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>The acclaimed Ico would be a jewel in SCE’s crown and it’s box art a complimentary masterpiece in minimalism. Director and lead designer, Fumito Ueda would take inspiration from Giorgio de Chirico’s, The Nostalgia of the Infinite, stating “… I thought the surrealistic world of de Chirico matched the allegoric world of Ico”. It would certainly match the game’s mood more so than its in-game artistic direction, with the sense of grand architecture isolating - but far from engulfing - companions Ico and Yorda.

The North American cover art by Gregory Harsh would depict a 3D illustrated Ico in a dull and angered pose. It would be used due to Fumito’s original not being ready for Ico’s American release date, and has been credited for the game’s poor sales in that region. Thankfully the later European version opted for the Japanese original.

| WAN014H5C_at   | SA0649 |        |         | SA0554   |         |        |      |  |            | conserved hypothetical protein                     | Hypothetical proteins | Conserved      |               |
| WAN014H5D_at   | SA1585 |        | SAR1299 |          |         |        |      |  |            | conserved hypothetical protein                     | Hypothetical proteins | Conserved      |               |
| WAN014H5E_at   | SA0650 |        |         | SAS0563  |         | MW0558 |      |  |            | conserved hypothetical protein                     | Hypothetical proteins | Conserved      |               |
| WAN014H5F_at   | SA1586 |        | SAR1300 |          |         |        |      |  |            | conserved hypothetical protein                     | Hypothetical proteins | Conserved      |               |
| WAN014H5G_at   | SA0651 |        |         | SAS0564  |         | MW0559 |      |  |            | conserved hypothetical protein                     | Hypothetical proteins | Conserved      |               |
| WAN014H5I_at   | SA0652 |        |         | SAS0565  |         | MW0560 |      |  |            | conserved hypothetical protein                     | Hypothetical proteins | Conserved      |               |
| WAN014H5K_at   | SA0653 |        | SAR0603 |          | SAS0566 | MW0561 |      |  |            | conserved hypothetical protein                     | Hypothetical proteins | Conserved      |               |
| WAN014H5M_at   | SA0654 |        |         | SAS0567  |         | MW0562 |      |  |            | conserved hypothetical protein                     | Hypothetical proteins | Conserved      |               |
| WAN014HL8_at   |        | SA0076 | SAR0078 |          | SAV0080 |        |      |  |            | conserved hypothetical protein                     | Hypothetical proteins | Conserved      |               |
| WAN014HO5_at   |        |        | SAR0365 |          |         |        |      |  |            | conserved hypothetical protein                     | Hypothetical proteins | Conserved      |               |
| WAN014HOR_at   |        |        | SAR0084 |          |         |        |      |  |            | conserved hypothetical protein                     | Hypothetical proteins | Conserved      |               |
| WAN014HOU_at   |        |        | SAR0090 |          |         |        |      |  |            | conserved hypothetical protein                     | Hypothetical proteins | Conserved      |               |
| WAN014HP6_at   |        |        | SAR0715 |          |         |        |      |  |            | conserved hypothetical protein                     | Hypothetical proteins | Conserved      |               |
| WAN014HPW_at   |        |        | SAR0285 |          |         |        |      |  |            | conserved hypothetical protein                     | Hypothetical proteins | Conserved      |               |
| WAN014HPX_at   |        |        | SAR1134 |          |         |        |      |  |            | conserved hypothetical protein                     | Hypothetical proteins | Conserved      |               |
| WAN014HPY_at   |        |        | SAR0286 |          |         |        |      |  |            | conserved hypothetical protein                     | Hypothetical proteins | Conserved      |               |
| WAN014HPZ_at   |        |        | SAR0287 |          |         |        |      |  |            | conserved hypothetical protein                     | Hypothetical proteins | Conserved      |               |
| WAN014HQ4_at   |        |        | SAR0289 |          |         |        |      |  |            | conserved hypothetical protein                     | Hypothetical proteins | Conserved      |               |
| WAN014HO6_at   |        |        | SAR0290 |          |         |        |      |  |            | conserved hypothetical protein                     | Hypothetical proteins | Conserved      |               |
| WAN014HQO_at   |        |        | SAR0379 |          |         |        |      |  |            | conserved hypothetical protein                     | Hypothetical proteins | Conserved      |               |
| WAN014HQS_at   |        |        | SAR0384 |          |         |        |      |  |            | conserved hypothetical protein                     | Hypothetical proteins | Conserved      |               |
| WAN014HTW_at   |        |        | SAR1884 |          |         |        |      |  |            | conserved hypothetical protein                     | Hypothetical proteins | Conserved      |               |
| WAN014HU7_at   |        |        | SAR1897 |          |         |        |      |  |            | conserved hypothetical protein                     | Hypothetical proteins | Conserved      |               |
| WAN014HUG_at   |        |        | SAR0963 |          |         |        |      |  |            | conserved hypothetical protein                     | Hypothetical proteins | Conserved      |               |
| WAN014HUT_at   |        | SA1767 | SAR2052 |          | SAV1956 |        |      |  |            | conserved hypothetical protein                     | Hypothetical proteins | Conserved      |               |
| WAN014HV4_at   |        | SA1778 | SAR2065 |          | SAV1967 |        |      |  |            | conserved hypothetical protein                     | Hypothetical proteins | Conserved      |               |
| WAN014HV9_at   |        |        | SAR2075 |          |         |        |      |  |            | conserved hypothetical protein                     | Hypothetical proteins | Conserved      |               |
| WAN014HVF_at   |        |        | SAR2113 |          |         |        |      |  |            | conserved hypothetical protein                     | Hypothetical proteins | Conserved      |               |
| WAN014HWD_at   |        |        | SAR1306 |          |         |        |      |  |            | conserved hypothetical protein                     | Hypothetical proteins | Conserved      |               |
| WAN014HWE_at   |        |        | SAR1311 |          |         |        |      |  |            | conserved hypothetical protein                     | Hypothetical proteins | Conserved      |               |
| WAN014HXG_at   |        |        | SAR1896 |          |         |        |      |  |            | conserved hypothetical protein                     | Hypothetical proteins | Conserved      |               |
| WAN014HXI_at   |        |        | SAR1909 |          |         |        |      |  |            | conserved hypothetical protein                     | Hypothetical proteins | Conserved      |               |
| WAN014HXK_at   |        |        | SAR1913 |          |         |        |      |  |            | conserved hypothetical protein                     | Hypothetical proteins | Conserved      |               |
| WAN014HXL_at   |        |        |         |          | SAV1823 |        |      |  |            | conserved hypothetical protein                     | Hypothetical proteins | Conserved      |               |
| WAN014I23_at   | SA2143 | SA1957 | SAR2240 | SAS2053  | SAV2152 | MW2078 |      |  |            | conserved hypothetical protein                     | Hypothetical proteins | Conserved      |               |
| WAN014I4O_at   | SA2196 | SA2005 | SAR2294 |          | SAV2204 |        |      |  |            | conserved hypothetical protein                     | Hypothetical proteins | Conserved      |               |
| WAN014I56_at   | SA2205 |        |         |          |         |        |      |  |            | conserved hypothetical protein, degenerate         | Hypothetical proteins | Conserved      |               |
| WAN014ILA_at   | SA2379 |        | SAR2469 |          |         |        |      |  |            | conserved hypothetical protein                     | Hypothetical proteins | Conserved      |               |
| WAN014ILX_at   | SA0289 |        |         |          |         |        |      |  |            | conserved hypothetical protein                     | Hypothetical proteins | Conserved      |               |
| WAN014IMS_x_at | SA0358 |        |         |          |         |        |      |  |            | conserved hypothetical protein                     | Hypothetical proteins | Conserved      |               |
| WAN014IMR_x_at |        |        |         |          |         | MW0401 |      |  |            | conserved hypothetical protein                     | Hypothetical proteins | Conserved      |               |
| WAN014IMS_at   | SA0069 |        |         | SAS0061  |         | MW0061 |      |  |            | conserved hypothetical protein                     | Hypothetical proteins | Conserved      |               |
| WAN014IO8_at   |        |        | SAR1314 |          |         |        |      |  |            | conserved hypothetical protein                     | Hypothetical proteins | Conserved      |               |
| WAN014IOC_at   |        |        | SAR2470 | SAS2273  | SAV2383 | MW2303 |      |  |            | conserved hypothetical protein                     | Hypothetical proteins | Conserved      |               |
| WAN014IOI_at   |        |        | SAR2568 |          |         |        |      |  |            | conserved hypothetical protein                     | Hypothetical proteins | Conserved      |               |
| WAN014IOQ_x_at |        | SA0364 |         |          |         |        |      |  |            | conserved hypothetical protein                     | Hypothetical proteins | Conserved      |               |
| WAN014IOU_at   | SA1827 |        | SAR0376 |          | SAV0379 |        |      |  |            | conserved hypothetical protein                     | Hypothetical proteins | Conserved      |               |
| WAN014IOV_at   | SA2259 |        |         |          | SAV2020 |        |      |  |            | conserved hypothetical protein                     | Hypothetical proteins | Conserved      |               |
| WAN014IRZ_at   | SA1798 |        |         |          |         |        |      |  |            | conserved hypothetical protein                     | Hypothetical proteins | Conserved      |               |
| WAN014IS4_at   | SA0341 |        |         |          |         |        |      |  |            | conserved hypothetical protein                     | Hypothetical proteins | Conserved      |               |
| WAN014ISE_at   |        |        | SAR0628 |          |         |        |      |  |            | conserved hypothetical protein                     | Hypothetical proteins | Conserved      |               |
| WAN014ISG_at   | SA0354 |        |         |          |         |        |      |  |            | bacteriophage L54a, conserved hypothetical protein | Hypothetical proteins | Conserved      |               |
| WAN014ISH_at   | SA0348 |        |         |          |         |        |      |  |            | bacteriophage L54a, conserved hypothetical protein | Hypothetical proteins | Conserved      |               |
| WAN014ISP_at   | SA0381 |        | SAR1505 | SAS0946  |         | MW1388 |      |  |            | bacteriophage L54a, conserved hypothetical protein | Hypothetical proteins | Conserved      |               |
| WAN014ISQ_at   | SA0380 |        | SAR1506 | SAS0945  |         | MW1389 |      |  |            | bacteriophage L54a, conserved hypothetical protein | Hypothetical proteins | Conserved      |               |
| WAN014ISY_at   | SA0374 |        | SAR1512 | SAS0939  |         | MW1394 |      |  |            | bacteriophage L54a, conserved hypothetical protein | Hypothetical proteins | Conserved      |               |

>Pictures from top - EU/ JPN box art, The Nostalgia of the Infinite and NA box art.


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>The well loved Fate of Atlantis saw LucasArts in-house artist Bill Eaken take the cover art reigns.  The style is unmistakably a homage to Drew Struzan’s poster art, that Eaken pulls off with aplomb.

Indiana Jones and the Fate of Atlantis by William L. Eaken.

North American artwork. First published by LucasArts in 1992 and for the global market.

Amiga ver. pictured. Also available on: DOS, FM Towns, Macintosh.

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Imaitoonz.  Japanese box artist in 2001.

Fighting Vipers II |Sega | 2001 | EU ver.

Imagic.  Publisher from 1981-1986.

Founded in 1981 by Bill Grubb, Bob Smith, Denis Koble, Jim Goldberger, Brian Dougherty, Mark Bradley and Rob Fulop, Imagic would quickly grow as a developer/ publisher, producing such classics such as Microsurgeon and Demon Attack.  

In 1982 Michael Becker would get the job of art director and along with Jim Goldberg’s marketing group set about testing different box designs on children to see what was appealing to them.  It was decided to run with the metalic-foil design after a child loved it so much he tried to hide it in his lap.  It would end up through as being an expensive option of applying two layers of paint to get the metal sheen effect, but was a defining feature of an Imagic product.